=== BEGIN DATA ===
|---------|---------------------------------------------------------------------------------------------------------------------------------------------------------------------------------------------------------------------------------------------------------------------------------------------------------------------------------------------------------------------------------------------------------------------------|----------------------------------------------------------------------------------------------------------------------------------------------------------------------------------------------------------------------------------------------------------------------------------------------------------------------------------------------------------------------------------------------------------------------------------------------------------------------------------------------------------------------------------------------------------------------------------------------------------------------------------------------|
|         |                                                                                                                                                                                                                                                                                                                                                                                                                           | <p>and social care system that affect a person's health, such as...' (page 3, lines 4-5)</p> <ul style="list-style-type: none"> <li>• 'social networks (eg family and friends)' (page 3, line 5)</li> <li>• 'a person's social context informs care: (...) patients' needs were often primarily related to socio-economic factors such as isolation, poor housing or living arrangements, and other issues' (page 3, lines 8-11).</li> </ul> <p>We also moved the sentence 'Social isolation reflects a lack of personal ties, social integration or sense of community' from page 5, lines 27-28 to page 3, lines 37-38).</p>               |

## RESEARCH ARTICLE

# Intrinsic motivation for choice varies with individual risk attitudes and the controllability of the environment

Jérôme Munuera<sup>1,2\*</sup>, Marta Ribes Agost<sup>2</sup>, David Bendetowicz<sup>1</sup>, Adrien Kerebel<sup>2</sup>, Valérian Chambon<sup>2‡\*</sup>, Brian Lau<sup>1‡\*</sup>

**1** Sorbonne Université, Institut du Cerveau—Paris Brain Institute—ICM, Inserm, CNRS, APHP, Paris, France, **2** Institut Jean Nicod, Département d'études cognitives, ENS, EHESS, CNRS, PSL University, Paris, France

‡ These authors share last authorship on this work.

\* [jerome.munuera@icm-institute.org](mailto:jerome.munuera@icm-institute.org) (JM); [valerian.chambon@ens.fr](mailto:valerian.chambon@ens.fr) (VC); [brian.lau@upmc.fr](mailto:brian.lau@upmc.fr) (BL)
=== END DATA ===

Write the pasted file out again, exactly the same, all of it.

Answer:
|---------|---------------------------------------------------------------------------------------------------------------------------------------------------------------------------------------------------------------------------------------------------------------------------------------------------------------------------------------------------------------------------------------------------------------------------|----------------------------------------------------------------------------------------------------------------------------------------------------------------------------------------------------------------------------------------------------------------------------------------------------------------------------------------------------------------------------------------------------------------------------------------------------------------------------------------------------------------------------------------------------------------------------------------------------------------------------------------------|
|         |                                                                                                                                                                                                                                                                                                                                                                                                                           | <p>and social care system that affect a person's health, such as...' (page 3, lines 4-5)</p> <ul style="list-style-type: none"> <li>• 'social networks (eg family and friends)' (page 3, line 5)</li> <li>• 'a person's social context informs care: (...) patients' needs were often primarily related to socio-economic factors such as isolation, poor housing or living arrangements, and other issues' (page 3, lines 8-11).</li> </ul> <p>We also moved the sentence 'Social isolation reflects a lack of personal ties, social integration or sense of community' from page 5, lines 27-28 to page 3, lines 37-38).</p>               |

## RESEARCH ARTICLE

# Intrinsic motivation for choice varies with individual risk attitudes and the controllability of the environment

Jérôme Munuera<sup>1,2\*</sup>, Marta Ribes Agost<sup>2</sup>, David Bendetowicz<sup>1</sup>, Adrien Kerebel<sup>2</sup>, Valérian Chambon<sup>2‡\*</sup>, Brian Lau<sup>1‡\*</sup>

**1** Sorbonne Université, Institut du Cerveau—Paris Brain Institute—ICM, Inserm, CNRS, APHP, Paris, France, **2** Institut Jean Nicod, Département d'études cognitives, ENS, EHESS, CNRS, PSL University, Paris, France

‡ These authors share last authorship on this work.

\* [jerome.munuera@icm-institute.org](mailto:jerome.munuera@icm-institute.org) (JM); [valerian.chambon@ens.fr](mailto:valerian.chambon@ens.fr) (VC); [brian.lau@upmc.fr](mailto:brian.lau@upmc.fr) (BL)